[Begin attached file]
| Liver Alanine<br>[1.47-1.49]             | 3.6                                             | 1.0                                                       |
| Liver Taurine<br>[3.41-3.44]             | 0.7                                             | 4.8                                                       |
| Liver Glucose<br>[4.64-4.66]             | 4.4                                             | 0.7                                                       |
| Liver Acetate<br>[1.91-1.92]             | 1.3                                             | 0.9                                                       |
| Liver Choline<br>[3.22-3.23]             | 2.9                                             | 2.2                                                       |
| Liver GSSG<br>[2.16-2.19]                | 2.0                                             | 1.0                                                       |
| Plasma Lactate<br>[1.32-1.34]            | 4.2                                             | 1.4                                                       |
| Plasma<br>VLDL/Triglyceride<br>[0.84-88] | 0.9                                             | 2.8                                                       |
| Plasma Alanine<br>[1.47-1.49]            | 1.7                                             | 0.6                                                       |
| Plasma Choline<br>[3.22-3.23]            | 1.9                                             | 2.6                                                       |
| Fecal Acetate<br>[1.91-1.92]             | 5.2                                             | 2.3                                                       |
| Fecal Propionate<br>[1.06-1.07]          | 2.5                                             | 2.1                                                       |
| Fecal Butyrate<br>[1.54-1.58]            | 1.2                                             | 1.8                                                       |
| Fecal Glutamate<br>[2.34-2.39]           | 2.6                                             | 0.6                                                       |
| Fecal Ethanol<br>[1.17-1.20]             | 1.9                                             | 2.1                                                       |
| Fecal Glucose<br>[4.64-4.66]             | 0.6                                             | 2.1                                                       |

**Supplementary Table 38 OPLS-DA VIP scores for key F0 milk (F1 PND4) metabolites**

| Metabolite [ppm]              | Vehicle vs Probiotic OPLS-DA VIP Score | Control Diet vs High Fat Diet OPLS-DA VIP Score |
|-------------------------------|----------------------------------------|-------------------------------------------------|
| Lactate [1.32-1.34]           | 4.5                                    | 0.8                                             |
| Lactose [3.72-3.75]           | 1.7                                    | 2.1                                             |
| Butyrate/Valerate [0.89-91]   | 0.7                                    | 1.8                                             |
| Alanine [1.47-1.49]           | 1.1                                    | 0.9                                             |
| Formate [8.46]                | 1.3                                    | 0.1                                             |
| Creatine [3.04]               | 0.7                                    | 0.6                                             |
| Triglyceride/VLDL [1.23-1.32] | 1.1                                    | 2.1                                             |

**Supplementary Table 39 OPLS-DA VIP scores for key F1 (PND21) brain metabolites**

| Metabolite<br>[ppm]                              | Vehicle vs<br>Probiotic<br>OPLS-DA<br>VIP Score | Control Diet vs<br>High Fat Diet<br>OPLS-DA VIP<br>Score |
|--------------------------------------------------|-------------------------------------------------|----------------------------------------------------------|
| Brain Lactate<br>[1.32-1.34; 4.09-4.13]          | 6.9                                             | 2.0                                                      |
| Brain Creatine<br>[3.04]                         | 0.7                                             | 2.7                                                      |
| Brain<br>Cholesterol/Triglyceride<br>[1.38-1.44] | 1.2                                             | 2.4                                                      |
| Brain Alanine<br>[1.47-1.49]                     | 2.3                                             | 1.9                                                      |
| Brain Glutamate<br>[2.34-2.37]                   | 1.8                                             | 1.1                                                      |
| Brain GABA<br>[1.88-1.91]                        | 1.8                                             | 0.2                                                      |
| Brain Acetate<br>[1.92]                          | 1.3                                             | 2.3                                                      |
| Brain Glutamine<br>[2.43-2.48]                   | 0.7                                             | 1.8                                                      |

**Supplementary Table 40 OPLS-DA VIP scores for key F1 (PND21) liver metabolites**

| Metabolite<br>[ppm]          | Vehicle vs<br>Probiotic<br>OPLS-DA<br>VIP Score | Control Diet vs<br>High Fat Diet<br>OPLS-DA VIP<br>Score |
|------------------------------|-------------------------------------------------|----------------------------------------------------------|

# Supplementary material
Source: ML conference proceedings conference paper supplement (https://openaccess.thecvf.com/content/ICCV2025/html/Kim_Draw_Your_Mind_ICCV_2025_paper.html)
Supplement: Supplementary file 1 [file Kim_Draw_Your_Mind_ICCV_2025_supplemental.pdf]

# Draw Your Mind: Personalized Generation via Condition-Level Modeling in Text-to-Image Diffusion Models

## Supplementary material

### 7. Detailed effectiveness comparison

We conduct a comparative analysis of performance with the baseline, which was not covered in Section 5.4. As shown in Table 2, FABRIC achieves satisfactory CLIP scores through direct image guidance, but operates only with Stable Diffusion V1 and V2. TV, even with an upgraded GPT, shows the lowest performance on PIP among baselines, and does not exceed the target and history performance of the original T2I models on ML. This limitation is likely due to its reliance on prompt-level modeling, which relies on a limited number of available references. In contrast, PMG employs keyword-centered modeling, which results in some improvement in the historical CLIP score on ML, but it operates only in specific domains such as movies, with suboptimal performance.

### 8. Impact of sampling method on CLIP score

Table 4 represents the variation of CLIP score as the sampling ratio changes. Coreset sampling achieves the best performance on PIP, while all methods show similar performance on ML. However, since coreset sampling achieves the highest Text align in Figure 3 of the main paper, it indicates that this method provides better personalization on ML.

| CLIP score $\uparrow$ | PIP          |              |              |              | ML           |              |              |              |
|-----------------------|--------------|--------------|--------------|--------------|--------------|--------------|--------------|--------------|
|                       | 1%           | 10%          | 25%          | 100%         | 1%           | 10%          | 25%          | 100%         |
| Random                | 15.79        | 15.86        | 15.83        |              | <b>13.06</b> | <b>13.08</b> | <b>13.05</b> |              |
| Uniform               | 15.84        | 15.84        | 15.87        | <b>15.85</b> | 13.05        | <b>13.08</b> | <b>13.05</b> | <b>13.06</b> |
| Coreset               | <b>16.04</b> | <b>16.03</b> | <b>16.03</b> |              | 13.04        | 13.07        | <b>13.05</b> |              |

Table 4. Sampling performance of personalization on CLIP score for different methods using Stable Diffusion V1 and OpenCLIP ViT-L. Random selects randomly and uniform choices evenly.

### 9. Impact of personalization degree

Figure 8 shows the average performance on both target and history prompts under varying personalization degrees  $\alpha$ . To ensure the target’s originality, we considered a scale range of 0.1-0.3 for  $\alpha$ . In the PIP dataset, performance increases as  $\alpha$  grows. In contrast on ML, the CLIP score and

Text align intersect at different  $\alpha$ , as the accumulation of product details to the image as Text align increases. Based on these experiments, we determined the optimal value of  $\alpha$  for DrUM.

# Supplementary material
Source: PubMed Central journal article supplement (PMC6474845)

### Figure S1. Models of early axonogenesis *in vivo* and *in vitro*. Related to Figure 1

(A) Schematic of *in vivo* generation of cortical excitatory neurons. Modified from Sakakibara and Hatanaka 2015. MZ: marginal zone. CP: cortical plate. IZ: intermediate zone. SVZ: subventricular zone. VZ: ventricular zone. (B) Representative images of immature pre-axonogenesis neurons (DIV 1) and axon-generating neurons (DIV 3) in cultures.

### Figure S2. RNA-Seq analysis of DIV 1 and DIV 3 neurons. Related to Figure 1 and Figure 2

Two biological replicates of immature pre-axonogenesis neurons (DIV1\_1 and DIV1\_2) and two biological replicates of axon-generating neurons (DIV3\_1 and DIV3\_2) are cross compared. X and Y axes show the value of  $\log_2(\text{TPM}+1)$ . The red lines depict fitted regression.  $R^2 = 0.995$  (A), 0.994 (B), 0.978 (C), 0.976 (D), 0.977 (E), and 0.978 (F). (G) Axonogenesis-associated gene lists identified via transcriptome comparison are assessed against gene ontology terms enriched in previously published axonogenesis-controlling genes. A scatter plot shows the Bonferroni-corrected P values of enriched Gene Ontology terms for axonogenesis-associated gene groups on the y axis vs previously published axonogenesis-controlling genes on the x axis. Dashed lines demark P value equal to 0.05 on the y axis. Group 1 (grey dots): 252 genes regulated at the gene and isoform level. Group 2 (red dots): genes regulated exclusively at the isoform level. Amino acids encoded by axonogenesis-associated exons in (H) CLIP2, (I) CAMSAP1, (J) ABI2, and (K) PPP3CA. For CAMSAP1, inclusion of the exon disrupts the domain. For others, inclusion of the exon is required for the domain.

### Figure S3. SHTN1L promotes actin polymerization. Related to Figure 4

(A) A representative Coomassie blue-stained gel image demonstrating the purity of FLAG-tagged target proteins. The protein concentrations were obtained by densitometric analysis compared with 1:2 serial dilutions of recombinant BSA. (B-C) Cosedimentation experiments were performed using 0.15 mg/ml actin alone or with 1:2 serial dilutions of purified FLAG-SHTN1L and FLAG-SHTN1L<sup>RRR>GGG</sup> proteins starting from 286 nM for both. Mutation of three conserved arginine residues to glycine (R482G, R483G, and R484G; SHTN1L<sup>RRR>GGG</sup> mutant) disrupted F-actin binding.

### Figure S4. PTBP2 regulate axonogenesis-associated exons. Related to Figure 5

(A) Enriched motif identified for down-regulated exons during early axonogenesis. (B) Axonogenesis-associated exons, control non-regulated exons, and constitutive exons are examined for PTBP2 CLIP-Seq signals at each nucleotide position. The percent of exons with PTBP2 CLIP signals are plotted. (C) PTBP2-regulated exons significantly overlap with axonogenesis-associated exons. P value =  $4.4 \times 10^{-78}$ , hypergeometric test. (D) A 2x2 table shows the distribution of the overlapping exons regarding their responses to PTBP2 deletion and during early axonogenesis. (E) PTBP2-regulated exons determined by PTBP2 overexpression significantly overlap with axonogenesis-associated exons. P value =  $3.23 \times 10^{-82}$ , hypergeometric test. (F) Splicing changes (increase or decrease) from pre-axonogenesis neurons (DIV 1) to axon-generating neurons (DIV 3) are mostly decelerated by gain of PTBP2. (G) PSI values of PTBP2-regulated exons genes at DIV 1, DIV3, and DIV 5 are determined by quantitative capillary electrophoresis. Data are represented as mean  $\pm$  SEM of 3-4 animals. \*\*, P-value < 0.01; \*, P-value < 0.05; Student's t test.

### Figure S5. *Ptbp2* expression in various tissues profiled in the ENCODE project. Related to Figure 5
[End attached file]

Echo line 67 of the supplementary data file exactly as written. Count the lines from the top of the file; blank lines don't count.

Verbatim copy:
(A) A representative Coomassie blue-stained gel image demonstrating the purity of FLAG-tagged target proteins. The protein concentrations were obtained by densitometric analysis compared with 1:2 serial dilutions of recombinant BSA. (B-C) Cosedimentation experiments were performed using 0.15 mg/ml actin alone or with 1:2 serial dilutions of purified FLAG-SHTN1L and FLAG-SHTN1L<sup>RRR>GGG</sup> proteins starting from 286 nM for both. Mutation of three conserved arginine residues to glycine (R482G, R483G, and R484G; SHTN1L<sup>RRR>GGG</sup> mutant) disrupted F-actin binding.